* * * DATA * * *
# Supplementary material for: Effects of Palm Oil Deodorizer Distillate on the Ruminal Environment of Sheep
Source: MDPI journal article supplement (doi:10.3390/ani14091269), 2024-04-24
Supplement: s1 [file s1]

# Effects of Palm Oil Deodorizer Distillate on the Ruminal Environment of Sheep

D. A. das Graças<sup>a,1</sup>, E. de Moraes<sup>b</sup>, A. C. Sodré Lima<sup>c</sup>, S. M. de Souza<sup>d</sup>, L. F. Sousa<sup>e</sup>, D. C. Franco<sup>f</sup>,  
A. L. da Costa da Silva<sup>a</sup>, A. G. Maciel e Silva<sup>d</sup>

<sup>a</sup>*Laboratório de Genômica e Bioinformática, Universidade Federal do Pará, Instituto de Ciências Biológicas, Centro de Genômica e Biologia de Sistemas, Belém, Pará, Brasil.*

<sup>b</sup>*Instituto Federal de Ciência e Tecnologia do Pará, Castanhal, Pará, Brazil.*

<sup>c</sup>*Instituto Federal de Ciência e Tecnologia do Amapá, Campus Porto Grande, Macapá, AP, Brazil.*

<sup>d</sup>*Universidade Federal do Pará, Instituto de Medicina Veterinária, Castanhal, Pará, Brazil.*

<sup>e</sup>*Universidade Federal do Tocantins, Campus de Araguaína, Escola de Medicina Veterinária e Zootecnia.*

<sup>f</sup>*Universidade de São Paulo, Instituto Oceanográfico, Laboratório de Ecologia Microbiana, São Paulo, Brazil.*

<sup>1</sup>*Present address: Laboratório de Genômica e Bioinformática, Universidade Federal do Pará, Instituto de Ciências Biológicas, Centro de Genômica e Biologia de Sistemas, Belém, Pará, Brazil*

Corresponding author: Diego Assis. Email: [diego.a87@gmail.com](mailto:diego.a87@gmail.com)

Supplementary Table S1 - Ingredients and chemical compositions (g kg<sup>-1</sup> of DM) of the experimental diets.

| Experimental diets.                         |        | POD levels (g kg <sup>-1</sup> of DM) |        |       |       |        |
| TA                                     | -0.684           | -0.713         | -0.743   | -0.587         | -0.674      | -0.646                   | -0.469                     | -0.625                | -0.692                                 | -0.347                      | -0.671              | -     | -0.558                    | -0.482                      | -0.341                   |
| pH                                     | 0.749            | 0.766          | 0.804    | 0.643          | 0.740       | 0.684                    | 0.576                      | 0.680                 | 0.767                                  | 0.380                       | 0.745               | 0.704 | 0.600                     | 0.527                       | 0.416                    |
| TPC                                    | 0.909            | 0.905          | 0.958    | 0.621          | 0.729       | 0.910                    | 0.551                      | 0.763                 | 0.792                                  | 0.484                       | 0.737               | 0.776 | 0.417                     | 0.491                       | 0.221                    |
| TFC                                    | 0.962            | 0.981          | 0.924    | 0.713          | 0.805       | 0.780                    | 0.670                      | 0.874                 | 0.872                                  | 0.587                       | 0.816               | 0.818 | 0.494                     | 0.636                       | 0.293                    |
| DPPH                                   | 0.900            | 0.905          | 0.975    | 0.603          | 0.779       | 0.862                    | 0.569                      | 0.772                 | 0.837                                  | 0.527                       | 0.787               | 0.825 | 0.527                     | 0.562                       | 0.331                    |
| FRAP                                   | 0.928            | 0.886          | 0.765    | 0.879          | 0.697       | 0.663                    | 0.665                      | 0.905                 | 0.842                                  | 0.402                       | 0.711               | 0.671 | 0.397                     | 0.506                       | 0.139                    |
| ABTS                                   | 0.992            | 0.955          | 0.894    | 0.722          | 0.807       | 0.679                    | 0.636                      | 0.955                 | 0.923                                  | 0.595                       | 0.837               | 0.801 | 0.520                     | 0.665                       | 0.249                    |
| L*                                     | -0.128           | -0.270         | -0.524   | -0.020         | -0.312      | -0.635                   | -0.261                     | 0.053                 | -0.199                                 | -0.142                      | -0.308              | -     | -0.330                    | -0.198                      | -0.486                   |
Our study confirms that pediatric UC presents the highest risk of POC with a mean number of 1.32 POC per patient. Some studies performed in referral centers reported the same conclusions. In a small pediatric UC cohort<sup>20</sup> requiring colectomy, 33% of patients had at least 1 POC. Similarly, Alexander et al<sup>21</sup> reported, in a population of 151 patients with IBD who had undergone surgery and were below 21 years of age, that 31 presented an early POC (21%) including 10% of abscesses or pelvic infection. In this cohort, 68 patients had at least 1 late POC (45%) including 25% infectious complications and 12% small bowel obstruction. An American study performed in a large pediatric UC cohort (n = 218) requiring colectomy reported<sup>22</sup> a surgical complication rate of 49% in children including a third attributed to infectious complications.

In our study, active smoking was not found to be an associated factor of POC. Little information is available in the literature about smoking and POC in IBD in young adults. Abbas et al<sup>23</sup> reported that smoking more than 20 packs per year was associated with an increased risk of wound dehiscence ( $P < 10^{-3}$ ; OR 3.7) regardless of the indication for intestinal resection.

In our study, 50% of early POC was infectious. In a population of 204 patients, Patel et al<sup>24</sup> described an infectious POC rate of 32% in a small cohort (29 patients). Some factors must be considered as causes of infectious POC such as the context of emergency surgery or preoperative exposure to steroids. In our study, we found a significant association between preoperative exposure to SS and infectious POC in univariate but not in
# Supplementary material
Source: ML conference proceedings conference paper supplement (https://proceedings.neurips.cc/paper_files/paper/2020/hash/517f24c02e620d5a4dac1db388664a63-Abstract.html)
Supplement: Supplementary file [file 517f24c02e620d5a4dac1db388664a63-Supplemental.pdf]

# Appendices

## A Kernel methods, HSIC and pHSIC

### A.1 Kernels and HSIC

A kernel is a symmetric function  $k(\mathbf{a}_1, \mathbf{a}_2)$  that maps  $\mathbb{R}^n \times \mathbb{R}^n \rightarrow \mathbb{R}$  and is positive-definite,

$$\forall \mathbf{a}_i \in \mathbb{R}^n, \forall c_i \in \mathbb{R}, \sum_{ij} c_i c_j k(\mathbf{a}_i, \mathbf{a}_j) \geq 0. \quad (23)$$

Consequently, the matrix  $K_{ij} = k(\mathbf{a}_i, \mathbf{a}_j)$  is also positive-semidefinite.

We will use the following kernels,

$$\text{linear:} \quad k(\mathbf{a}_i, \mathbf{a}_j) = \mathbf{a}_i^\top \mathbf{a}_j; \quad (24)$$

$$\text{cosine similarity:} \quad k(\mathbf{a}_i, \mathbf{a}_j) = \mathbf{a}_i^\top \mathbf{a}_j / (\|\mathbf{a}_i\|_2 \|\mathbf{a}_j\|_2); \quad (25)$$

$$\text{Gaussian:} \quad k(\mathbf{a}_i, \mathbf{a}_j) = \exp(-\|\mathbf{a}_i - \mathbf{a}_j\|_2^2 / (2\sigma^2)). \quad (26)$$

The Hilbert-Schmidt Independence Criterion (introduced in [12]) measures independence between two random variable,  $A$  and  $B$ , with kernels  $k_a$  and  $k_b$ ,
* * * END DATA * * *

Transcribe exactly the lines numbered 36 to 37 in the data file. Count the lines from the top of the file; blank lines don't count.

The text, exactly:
Consequently, the matrix  $K_{ij} = k(\mathbf{a}_i, \mathbf{a}_j)$  is also positive-semidefinite.

We will use the following kernels,